Chinoy Entrepreneurs Bare Challenges Behind Success of Multigenerational Family Businesses

This is how they do it: Geri Chua of Eng Bee Tin and Marvin Uy of Sincerity Cafe and Restaurant

Different generations of entrepreneurs have different ways of running a business. In Chinoy family-owned businesses, traditions and family values are highly regarded. This type of culture is likely to have benefits to the business but can also make it difficult for rookie family members to lead.

Take it from Chinese entrepreneurs Gerik Chua of Eng Bee Tin and Marvin Uy of Sincerity Cafe & Restaurant who are now leading the Chinese deli shop and eatery, respectively.

Gerik and Marvin shared their business journey in the online show “At your SerBIZ!” hosted by award-winning author and speaker Francis Kong, where they shared how they work with their elders, the challenges that come with it, and their roles in their success.

Challenge: Thin line between professional and personal life

Gerik shared that one of the hardest parts of owning a family business is literally bringing work home with him because he lives in the same house with his parents. He said that “it’s basically a 24- hours-a-day, 7-days-a-week job” because they still discuss work at the dinner table.

Solution: Listen and learn best business practices

Despite the challenge, putting in extra hours proved to be beneficial for the business in the long run. Gerik learned from his father and mentor Gerry Chua, also fondly called “Mr. Ube” by customers, some of the best practices of running a business.

For one, Gerik is always reminded that ups and downs in businesses are normal. In managing Eng Bee Tin, his father reached a point where he could not afford to pay suppliers because of low sales. His father persevered and later tried introducing a new product—the ube hopia that clicked with the masses.

Among the lessons that Marvin, for his part, learned from his parents is to keep failure in proper perspective and never give up. Sincerity Café & Restaurant started after his family members failed in their initial business ventures in merchandising and importation. Sincerity started as a small “mami house” with P600 capital before expanding to a restaurant with more items in the menu.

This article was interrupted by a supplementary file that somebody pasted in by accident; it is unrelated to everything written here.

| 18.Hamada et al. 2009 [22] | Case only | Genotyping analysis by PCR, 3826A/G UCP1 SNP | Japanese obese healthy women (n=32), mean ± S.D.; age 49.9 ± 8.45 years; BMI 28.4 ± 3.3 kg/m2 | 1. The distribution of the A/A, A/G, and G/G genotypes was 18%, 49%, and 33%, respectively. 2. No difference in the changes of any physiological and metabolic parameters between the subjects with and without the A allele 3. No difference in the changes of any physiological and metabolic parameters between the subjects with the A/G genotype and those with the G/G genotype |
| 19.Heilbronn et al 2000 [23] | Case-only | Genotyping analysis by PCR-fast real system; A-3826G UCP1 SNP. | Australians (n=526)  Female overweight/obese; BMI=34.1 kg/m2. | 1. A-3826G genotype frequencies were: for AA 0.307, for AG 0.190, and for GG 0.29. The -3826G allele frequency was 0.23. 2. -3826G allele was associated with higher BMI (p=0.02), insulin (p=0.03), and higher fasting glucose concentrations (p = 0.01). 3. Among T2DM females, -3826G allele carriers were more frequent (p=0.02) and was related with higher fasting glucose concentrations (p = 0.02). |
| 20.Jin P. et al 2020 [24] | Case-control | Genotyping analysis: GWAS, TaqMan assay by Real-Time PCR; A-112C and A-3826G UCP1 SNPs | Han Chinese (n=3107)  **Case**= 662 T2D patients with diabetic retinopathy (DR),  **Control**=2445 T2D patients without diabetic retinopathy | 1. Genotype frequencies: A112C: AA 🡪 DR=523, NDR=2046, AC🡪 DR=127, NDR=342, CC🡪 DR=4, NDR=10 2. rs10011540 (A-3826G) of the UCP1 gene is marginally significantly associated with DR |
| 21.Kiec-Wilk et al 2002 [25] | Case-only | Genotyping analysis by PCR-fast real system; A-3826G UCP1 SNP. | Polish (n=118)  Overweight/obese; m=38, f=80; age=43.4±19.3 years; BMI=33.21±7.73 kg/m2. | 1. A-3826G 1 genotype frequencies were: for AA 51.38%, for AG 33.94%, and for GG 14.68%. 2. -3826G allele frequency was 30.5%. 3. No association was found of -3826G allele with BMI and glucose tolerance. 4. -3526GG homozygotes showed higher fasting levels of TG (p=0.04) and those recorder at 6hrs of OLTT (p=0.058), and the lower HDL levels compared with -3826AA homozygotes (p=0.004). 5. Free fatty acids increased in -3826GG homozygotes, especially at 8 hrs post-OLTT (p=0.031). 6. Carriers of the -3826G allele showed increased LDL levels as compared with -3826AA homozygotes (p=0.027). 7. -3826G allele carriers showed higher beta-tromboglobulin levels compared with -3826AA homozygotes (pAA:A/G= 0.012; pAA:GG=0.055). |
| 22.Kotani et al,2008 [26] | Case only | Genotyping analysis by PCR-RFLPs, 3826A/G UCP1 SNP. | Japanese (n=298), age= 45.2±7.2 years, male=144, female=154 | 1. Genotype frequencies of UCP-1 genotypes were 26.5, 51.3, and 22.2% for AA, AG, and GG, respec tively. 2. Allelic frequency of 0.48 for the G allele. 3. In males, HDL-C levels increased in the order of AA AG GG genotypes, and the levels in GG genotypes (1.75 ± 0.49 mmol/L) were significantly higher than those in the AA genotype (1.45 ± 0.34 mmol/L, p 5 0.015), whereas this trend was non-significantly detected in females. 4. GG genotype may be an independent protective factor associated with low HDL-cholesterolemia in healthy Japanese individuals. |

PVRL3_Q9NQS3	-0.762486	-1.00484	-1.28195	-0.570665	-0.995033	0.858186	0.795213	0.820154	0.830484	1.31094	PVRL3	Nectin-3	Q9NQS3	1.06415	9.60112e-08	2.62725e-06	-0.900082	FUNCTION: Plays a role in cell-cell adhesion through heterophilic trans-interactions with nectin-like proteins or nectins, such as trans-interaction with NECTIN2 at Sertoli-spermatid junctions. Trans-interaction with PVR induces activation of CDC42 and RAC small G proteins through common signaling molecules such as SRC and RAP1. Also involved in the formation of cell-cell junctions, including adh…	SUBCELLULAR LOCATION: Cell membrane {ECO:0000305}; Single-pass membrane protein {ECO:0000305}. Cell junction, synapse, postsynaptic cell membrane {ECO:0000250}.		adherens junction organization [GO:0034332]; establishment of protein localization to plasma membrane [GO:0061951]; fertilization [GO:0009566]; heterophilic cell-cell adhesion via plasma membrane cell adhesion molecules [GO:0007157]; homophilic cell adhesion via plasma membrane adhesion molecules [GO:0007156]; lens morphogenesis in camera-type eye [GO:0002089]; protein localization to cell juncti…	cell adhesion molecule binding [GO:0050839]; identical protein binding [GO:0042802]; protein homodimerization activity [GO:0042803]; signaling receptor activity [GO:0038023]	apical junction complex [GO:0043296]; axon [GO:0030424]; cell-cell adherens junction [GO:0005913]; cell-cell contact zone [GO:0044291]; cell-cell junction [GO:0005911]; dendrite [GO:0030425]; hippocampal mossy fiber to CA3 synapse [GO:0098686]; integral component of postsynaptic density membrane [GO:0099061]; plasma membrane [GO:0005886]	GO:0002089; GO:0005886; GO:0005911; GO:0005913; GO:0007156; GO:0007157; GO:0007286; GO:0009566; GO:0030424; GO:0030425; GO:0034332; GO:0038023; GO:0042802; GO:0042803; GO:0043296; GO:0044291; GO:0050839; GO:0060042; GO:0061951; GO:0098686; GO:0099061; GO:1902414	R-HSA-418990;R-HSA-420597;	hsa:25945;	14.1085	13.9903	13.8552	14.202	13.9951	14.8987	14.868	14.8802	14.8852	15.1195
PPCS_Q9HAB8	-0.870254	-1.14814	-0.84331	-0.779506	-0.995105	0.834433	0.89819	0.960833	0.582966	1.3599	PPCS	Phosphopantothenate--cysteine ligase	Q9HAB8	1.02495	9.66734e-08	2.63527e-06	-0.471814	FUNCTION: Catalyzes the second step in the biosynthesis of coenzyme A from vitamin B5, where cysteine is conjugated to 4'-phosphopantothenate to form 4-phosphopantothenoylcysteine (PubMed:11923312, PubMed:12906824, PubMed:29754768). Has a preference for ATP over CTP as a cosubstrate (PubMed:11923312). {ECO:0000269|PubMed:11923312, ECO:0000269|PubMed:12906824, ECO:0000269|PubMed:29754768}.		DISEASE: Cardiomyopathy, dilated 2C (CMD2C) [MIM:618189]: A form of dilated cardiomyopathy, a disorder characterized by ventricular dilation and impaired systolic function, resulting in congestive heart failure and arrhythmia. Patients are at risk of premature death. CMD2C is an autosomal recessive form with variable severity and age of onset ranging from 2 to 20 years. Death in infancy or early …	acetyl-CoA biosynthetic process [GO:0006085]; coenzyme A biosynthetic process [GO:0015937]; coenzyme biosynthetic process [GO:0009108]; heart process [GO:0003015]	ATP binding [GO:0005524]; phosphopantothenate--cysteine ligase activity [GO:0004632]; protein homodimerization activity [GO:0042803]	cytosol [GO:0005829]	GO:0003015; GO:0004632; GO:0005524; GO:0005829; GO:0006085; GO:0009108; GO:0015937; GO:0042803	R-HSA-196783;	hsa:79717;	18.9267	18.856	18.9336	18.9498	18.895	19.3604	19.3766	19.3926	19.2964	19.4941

Challenge: Conflict of ideas

In family business, it’s common for parents to be resistant to having their children or the next generation to make changes in how things are done.

“We came from a traditional family so they [elders] are not open when younger generations suggest something new because they think that we lack experience,” Marvin said, adding that his age is a factor that prevents elders from easily accepting new ideas that he pitched.

Solution: Active listening

For one, the idea of partnering with third party delivery applications was initially dismissed by elders.

Practicing active listening allows the next generation of business owners to know where their elders are coming from. In doing so, they can properly respond and explain to them why changes are necessary.

Through time, Marvin’s elders agreed to partner with third party delivery applications which helped their business survive at the height of the pandemic.

Gerik adds that proper communication is key because it helps in getting the inputs of all family members before coming up with any decision, especially during disagreements. When conflicts arise, Gerik said, “We just talk it over. Subukan lang mag-usap, wala namang mawawala.”

Challenge: Traditional ways of thinking

Some beliefs and superstitions can be perceived to hold businesses from thriving. In China, there is a belief that black can bring bad luck, so Gerik initially had difficulty convincing his father to let him use a black-colored packaging for Eng Bee Tin’s then-new product, the Triple Chocolate Lava Mooncake product.

Solution: Innovate

Refusal to innovate and introduce something new will make it hard for business owners to stay relevant, and this is what Gerik made his father, who later agreed to his proposal, understand.

“Innovation is important para hindi mawala yung ‘sawa’ factor. There should always be something new that we can offer to the customer so they would keep coming back,” shared Gerik.

He also convinced his elders to innovate by incorporating the use of social media regularly to promote their products. Through TikTok and Facebook, Eng Bee Tin manages to gain new customers and keep the old ones. Marvin, meanwhile, shares how he innovated by improving the interior design of their restaurant to make the customer’s dining experience even better.

Mixing family and business may pose a lot of challenges, but sustaining it across multiple generations is possible with all family members on board and sharing the same goals and commitment.

According to Francis, “Digitalization doesn’t necessarily mean breaking tradition, but rather elevating it.” He also emphasized that innovation, mentoring, and learning go both ways: the older generation may have the knowledge, network, and resources to share, but they can also learn from the younger generation about technology, connectivity, and business as a community.

Learn more negosyantips from the country’s most successful entrepreneurs by tuning in to Globe Business’ YouTube channel to watch all the episodes of “At your SerBIZ!”.

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